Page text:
In what ways are the circumstances today similar to or different than those of Shakespeare and his intended audience?
To begin with the most obvious answer to your question, Hamlet was probably based on an earlier work by another playwright, and ultimately on historical accounts. These influences are discussed in the introduction to the eNotes "Hamlet Summary and Study Guide" linked below.
Hamlet also takes up two themes that meant a great deal to the audiences of his time, and in a slightly differing way, to contemporary society. These themes are the balance between private and public justice, and the dilemma of imperfect sources for critically important information.
Hamlet is a private citizen of the state of Denmark. He has no warrant from any earthly authority to remove Claudius, by killing him or by any other means. The dramatist indicates to us clearly enough that Claudius is guilty of the murder of Hamlet's father, but as for the outward shape of the state, he appears to be an efficient and tolerated ruler. How can Hamlet presume to risk the safety of the state on a private quarrel, especially since as a Christian he should remember that vengeance properly lies in the hands of God alone? Moreover, being a private citizen, he must proceed in his revenge by devious means, which directly result in a series of deaths of the half-guilty and the entirely innocent -- Polonius, Ophelia, and by the end most of the cast, including Hamlet himself. The dilemma of reconciling personal justice and what is right or expedient in the larger social sphere is one that remains with us today, and will always remain as long as human beings live in societies.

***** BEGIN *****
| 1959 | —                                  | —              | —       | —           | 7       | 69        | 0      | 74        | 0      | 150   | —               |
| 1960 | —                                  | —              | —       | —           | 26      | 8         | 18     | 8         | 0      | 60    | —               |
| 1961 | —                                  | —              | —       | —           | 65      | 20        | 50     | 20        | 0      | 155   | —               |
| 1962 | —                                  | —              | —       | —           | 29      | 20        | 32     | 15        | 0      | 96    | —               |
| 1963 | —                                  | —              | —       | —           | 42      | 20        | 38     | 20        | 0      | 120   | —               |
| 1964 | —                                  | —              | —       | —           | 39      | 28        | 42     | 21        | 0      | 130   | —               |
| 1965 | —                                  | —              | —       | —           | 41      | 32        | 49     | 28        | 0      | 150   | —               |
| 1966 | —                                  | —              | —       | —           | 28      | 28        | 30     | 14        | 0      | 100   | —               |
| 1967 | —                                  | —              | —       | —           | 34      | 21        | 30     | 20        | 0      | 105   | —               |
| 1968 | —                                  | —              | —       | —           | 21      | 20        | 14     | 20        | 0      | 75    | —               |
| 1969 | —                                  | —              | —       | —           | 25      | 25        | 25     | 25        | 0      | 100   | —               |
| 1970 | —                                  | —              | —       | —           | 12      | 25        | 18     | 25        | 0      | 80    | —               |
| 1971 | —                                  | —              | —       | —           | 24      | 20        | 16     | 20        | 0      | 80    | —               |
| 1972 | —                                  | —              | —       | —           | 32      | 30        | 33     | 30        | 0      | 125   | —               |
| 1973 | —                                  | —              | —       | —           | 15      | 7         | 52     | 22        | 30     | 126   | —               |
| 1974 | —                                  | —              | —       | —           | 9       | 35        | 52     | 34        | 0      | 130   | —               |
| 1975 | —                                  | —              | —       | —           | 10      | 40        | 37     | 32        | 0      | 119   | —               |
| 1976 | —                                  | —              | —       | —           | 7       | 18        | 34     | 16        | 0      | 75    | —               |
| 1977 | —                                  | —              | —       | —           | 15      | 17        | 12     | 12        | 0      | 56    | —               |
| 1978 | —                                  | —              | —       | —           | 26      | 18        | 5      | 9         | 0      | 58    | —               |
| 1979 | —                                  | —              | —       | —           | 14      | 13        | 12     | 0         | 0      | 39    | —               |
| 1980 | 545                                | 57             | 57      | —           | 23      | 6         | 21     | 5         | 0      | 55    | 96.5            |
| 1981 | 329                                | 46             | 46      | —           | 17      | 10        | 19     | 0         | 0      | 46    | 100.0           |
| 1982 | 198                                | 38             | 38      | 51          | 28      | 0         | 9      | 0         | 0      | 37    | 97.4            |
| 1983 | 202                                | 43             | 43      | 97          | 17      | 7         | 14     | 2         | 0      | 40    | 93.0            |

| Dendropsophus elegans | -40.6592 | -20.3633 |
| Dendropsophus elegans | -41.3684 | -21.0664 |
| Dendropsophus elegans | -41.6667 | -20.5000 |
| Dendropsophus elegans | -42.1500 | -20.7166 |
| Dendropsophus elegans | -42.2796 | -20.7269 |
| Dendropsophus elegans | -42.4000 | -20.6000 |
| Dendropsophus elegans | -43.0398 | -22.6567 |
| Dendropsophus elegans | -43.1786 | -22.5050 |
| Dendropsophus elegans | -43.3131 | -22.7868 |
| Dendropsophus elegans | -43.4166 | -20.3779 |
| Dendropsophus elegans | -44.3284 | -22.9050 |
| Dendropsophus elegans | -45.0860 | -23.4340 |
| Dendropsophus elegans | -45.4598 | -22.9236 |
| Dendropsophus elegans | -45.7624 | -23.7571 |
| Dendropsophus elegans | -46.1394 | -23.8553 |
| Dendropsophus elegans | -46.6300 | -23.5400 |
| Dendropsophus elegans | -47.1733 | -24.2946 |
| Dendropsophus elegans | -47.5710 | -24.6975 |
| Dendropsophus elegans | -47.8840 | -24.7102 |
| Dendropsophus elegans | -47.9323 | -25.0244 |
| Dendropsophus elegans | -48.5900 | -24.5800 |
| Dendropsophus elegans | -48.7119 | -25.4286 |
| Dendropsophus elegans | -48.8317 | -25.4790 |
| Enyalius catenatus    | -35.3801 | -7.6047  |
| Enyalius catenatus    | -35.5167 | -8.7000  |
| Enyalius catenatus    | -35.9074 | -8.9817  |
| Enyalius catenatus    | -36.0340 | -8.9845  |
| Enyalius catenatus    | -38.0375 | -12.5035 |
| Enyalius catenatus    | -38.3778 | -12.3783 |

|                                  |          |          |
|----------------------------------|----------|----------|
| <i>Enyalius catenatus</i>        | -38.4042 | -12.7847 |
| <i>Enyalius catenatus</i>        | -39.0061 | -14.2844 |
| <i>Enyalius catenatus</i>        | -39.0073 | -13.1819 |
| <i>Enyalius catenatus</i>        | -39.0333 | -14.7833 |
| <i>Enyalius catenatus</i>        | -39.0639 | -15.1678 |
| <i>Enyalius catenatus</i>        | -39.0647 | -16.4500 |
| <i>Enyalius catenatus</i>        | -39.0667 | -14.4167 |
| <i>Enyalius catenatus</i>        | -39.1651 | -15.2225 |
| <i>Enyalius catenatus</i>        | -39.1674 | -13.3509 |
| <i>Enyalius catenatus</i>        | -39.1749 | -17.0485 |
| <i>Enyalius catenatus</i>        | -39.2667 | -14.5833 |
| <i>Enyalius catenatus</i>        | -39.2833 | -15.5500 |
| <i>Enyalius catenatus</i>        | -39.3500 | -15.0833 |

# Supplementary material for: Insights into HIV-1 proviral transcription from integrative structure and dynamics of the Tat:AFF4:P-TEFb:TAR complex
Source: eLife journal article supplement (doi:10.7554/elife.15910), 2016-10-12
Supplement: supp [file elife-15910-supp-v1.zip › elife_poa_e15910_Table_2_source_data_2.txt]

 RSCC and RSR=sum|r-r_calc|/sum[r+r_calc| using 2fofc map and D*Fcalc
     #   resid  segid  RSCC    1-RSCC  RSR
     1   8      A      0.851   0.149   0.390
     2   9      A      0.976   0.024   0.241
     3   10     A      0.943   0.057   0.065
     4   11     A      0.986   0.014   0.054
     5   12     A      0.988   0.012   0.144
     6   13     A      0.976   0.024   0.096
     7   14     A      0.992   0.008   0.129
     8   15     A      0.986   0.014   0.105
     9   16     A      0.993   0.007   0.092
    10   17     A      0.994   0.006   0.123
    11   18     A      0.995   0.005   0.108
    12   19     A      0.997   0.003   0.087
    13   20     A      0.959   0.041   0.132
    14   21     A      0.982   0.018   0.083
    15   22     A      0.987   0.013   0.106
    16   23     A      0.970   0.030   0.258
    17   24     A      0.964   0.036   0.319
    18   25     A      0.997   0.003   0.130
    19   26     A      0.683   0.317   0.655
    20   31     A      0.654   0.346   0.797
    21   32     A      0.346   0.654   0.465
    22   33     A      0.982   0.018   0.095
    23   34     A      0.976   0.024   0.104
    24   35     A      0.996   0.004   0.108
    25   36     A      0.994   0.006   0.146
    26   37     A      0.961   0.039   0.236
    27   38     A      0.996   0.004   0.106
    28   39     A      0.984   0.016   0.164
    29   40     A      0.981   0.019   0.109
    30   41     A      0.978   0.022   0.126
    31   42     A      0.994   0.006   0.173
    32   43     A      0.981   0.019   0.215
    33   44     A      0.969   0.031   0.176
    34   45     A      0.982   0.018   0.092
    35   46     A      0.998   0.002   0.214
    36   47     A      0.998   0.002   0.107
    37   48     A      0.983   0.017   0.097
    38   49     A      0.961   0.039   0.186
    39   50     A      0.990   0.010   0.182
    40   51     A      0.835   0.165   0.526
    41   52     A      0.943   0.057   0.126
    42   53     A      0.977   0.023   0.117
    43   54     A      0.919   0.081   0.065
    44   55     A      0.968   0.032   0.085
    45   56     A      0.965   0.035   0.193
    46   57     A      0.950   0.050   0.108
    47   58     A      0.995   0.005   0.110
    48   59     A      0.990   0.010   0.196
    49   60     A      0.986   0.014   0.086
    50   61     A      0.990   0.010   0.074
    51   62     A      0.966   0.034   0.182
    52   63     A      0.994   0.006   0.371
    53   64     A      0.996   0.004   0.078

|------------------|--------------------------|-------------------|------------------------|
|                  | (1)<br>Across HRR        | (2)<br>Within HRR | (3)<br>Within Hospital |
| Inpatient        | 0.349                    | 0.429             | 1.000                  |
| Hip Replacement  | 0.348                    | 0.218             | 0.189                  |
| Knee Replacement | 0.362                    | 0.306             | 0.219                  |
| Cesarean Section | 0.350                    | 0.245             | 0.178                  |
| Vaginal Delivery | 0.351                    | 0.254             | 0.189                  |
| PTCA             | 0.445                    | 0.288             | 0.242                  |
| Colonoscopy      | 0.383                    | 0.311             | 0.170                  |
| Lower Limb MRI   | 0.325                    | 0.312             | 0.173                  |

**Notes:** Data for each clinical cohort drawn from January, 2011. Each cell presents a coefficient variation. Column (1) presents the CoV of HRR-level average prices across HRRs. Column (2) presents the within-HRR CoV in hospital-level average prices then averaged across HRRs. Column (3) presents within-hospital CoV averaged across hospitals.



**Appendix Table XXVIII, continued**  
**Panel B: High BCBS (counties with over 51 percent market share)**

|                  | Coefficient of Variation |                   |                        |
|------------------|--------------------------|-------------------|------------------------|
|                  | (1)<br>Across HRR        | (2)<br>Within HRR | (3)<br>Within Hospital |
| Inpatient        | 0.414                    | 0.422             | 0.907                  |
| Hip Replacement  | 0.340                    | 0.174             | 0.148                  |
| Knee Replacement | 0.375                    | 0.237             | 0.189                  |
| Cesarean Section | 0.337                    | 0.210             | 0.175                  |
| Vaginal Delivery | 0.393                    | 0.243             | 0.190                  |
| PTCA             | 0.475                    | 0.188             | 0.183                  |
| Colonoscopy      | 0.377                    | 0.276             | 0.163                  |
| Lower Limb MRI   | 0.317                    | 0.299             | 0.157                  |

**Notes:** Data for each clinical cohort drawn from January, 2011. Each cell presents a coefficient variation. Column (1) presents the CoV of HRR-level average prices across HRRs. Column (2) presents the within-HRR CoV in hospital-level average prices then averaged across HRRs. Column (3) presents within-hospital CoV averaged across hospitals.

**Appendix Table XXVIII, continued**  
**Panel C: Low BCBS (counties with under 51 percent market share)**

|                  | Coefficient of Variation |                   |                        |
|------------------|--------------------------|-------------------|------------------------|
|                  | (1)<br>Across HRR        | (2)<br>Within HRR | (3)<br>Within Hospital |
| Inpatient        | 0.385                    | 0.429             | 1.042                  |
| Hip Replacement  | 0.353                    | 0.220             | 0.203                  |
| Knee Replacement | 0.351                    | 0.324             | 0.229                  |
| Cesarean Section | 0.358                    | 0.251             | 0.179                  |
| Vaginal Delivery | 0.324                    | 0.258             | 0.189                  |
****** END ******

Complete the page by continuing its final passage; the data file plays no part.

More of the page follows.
In his quest for revenge, Hamlet is also forced to rely on the word of a source he cannot trust and has solid reasons for distrusting -- the alleged ghost of his father. This dilemma would have spoken strongly to Shakespeare's contemporaries, in an age of witchcraft trials and spectral evidence, but in a more general form it remains a live problem for us today. Hamlet has no means of proving the ghost is really what it says it is. It gives little if any evidence that can be checked by Hamlet himself, at least until Hamlet hits upon the expedient of the play that mimics the presumed murder. It might be a creation of Hamlet's own melancholy and imagination, or it might be an emissary of the Devil himself, trying to mislead Hamlet to Hell the way the Three Witches misled Macbeth, tempting him with just as much of the truth as he needs to be led into mortal sin. This problem of uncertain sourcing for seemingly vital information is again one that remains with us today. How many times have we seen "experts" on television, for instance, later revealed to be in someone's pay who will profit from the advice they have given, or simply shown to be frauds? We still have to evaluate the whispering of ghosts, and since it is easier to make a claim than to investigate one, we will always be faced with this problem.